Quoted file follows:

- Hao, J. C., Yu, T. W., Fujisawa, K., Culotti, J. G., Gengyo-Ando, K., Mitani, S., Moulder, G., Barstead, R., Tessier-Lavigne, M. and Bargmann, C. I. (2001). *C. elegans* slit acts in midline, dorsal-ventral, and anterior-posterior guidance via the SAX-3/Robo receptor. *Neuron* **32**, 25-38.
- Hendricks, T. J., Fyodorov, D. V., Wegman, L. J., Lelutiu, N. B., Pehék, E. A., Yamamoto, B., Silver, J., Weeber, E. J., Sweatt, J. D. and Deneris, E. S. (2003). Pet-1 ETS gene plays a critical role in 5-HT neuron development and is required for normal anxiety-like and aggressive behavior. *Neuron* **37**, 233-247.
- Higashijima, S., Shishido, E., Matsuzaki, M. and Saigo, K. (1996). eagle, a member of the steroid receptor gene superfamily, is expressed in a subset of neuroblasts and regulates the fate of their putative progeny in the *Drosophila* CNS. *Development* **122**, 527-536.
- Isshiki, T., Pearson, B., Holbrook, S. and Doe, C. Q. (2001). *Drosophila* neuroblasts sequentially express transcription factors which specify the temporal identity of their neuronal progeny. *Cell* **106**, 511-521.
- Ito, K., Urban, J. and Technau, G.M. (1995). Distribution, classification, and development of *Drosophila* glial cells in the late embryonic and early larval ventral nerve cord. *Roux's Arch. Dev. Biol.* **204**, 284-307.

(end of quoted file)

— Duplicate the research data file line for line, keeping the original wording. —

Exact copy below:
- Hao, J. C., Yu, T. W., Fujisawa, K., Culotti, J. G., Gengyo-Ando, K., Mitani, S., Moulder, G., Barstead, R., Tessier-Lavigne, M. and Bargmann, C. I. (2001). *C. elegans* slit acts in midline, dorsal-ventral, and anterior-posterior guidance via the SAX-3/Robo receptor. *Neuron* **32**, 25-38.
- Hendricks, T. J., Fyodorov, D. V., Wegman, L. J., Lelutiu, N. B., Pehék, E. A., Yamamoto, B., Silver, J., Weeber, E. J., Sweatt, J. D. and Deneris, E. S. (2003). Pet-1 ETS gene plays a critical role in 5-HT neuron development and is required for normal anxiety-like and aggressive behavior. *Neuron* **37**, 233-247.
- Higashijima, S., Shishido, E., Matsuzaki, M. and Saigo, K. (1996). eagle, a member of the steroid receptor gene superfamily, is expressed in a subset of neuroblasts and regulates the fate of their putative progeny in the *Drosophila* CNS. *Development* **122**, 527-536.
- Isshiki, T., Pearson, B., Holbrook, S. and Doe, C. Q. (2001). *Drosophila* neuroblasts sequentially express transcription factors which specify the temporal identity of their neuronal progeny. *Cell* **106**, 511-521.
- Ito, K., Urban, J. and Technau, G.M. (1995). Distribution, classification, and development of *Drosophila* glial cells in the late embryonic and early larval ventral nerve cord. *Roux's Arch. Dev. Biol.* **204**, 284-307.